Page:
The following editorial appeared in the (Decatur) Herald & Review on Saturday, October 27:
(MCT) — ILLINOIS VOTERS will be asked to amend the state constitution Nov. 6 to, among other things, require more lawmakers to sign off on proposed improvements to public-sector pensions. We are recommending a “no” vote on this amendment.
We have spent a considerable amount of ink over the past few years pleading for some kind of reasonable pension reform. The state’s budget woes are solidly tied to its pension funding problems, so the idea proposed in the amendment sounds good on its face.
But changes to the basic frame of government should be well-reasoned and solidly outlined with facts, and this proposed change to the constitution contains neither.
Opponents also make a valid point when they argue that any law or amendment written for one specific situation, in this case for pension reform, is a bad idea. The standard “majority rules” to enact new legislation should apply here, too.
The proposal is further weighed down by the support of House Speaker Michael Madigan.
Steve Brown, a spokesman for Madigan, D-Chicago, told H&R Springfield Bureau Chief Kurt Erickson last month that the amendment is a “commonsense” way to address future pension abuses.
“There is no claim that this is some kind of solution to the pension problem. It’s just another step in what is going to be a long road to keep the pensions stable and viable,” Brown said.
The ballot question asks whether a three-fifths vote should be required when any unit of government wants to increase pension plans, and whether the constitution should require a two-thirds vote to override a governor’s veto or accept a governor’s proposed changes to pension increase proposals. Currently, it takes a three-fifths vote to override an outright veto and only a simple majority to accept a governor’s changes.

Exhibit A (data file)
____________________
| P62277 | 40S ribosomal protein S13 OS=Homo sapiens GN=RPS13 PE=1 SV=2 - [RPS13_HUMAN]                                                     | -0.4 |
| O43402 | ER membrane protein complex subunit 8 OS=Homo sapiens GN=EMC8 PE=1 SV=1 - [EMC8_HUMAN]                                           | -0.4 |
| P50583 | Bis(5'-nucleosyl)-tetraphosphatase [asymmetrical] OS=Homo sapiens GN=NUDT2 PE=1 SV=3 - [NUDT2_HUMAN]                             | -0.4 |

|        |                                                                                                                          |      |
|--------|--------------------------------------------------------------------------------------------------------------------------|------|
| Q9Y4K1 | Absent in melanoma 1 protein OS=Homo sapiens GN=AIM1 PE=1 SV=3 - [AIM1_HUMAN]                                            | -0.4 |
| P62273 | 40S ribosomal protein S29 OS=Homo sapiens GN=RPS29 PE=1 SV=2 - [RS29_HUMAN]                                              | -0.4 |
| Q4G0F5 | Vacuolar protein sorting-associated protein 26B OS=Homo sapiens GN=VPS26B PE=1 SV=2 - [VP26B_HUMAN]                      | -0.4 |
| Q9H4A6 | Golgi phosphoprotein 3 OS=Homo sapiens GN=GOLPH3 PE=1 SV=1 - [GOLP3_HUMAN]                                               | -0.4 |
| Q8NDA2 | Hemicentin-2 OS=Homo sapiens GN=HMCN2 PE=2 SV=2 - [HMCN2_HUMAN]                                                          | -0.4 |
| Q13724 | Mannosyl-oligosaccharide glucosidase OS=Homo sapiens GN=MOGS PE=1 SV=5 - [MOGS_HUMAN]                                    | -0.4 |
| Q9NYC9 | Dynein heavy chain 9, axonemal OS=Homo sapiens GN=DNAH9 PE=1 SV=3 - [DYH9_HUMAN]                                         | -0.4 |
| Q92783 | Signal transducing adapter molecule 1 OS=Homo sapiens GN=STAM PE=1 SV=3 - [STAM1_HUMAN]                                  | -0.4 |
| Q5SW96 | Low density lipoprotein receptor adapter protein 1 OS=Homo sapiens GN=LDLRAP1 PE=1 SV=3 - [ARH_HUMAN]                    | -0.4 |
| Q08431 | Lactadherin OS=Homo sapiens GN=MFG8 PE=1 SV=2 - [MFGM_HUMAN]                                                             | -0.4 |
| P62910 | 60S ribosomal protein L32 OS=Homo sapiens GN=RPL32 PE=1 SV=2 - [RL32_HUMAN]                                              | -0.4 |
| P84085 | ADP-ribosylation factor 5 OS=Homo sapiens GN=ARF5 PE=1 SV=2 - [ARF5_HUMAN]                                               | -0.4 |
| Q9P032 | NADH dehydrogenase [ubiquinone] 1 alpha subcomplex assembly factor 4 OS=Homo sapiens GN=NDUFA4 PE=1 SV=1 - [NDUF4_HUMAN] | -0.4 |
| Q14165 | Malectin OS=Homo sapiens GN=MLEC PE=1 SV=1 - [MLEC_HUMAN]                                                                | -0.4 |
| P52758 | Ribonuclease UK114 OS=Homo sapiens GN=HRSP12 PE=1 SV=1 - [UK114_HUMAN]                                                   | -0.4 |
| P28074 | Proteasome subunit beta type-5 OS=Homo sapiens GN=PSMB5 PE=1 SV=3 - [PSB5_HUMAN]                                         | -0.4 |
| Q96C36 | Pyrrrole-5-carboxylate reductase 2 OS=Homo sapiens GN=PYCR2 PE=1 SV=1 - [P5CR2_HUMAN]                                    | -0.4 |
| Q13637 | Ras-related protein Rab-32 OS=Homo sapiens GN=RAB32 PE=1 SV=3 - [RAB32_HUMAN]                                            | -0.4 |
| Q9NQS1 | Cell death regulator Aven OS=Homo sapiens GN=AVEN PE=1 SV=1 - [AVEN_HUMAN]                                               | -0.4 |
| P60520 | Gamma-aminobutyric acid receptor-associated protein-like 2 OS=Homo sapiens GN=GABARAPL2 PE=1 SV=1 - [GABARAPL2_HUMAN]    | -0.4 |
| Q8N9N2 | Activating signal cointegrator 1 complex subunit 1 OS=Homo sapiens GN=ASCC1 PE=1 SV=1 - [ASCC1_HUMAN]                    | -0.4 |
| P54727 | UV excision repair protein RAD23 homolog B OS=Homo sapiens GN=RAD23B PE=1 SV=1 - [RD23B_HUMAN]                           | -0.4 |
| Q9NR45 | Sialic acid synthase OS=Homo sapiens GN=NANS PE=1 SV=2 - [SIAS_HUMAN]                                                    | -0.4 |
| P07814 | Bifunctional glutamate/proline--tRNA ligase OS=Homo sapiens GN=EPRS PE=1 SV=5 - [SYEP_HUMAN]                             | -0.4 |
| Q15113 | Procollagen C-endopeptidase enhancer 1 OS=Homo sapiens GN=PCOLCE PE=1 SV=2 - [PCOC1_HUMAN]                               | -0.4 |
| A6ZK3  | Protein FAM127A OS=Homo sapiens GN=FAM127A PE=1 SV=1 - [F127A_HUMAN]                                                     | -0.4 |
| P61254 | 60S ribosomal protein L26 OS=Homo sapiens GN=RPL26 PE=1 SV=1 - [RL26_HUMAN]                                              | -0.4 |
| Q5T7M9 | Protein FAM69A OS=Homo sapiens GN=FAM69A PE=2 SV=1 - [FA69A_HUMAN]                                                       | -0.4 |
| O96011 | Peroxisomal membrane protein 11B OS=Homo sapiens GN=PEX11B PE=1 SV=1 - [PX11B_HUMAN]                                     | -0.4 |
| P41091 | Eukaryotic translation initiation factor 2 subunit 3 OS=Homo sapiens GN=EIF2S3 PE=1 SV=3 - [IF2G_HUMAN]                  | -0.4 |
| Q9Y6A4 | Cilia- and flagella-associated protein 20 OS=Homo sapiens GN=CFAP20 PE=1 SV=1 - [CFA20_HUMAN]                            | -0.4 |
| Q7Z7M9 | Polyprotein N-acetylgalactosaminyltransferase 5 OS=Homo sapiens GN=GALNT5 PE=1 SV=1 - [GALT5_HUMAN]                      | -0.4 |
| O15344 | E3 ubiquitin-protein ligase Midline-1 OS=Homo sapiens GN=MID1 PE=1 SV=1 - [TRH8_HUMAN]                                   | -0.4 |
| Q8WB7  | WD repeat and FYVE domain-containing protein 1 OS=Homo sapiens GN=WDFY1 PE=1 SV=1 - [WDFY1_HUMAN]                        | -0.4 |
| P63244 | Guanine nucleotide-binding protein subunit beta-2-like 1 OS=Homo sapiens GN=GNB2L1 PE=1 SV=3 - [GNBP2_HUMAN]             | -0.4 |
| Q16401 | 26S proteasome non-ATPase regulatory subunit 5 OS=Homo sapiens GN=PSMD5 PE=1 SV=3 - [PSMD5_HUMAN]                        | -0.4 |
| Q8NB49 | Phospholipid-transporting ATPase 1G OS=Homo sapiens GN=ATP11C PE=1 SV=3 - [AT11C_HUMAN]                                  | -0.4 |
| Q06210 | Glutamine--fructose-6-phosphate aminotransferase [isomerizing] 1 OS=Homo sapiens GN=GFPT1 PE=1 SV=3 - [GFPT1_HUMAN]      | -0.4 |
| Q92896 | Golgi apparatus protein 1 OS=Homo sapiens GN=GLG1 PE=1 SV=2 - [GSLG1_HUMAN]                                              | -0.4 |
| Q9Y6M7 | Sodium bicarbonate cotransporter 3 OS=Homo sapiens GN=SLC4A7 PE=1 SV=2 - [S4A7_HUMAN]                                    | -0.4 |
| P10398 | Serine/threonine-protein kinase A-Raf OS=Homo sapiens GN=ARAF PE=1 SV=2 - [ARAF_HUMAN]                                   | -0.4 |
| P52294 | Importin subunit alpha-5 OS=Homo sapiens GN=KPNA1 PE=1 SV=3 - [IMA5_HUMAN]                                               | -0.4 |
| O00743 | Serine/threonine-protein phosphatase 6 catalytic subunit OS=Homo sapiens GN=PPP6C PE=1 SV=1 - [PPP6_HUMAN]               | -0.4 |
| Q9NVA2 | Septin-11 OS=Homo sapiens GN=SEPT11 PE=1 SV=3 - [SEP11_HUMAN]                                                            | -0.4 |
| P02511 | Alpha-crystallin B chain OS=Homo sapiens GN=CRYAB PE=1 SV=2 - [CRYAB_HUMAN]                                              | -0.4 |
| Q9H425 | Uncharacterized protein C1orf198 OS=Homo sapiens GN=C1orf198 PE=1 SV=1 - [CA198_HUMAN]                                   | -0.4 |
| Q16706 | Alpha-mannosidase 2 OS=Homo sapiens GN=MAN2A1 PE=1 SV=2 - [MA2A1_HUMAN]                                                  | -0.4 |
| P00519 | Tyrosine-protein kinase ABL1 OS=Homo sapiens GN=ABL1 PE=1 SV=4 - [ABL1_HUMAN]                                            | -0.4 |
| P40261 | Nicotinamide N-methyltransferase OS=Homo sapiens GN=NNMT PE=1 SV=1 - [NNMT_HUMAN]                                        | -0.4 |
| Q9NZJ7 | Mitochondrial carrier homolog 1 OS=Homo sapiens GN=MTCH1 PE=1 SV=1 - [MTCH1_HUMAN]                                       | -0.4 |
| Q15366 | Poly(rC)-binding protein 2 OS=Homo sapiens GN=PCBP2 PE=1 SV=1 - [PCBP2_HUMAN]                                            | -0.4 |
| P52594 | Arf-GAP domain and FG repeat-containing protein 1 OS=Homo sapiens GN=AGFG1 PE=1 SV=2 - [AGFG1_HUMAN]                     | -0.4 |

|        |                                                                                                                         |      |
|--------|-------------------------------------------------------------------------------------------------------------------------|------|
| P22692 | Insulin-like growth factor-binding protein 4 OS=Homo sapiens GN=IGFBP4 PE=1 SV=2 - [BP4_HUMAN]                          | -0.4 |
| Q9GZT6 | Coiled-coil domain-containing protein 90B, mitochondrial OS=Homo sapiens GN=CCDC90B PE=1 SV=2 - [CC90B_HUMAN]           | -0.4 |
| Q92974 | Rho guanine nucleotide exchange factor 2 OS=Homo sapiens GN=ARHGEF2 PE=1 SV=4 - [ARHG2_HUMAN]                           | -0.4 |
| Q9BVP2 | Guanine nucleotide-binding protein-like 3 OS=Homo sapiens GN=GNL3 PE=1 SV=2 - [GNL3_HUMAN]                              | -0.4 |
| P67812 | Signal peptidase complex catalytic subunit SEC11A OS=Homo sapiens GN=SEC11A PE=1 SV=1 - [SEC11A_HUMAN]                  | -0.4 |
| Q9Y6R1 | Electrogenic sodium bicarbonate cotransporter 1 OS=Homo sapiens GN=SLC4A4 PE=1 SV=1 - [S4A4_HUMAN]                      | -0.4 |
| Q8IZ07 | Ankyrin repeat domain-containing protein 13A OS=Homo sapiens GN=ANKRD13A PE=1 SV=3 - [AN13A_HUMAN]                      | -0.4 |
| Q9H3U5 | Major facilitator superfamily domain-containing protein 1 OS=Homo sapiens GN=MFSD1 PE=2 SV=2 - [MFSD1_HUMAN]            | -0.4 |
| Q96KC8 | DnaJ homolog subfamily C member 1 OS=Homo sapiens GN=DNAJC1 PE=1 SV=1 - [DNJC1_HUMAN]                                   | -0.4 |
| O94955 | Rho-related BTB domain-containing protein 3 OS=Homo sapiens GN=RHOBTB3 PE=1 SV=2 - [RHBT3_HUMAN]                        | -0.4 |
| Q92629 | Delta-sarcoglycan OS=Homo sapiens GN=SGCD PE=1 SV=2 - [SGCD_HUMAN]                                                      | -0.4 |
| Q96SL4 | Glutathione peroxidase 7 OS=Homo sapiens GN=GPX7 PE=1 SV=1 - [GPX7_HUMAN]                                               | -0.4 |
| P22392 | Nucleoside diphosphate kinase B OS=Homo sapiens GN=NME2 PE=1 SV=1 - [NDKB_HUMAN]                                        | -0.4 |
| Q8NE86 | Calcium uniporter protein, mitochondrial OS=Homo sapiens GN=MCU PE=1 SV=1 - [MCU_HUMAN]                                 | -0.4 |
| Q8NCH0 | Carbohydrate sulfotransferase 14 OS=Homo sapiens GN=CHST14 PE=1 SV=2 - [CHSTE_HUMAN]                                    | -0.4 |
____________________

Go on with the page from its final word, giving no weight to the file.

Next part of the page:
But the damning phrase from Brown, in our opinion, is when he says, “There is no claim that this is some kind of solution to the pension problem.” The bottom line is Illinois needs a solution to its pension problem, but this amendment does nothing substantive to make that more likely.
Even the union representing a majority of state workers, AFSCME, has asked its members to vote “no” on the amendment. AFSCME says the funding problem should be addressed by “an ironclad guarantee that politicians will pay their share going forward.”
Illinois government has an overabundance of problems, but they are not the type of problems that can necessarily be solved by changing the state’s constitution. Rather than posture and thump their chests, Illinois legislators need to work as a group, not as firmly entrenched combatants on opposing sides, with the governor to make meaningful reforms to help dig Illinois out of its $83 billion pension hole.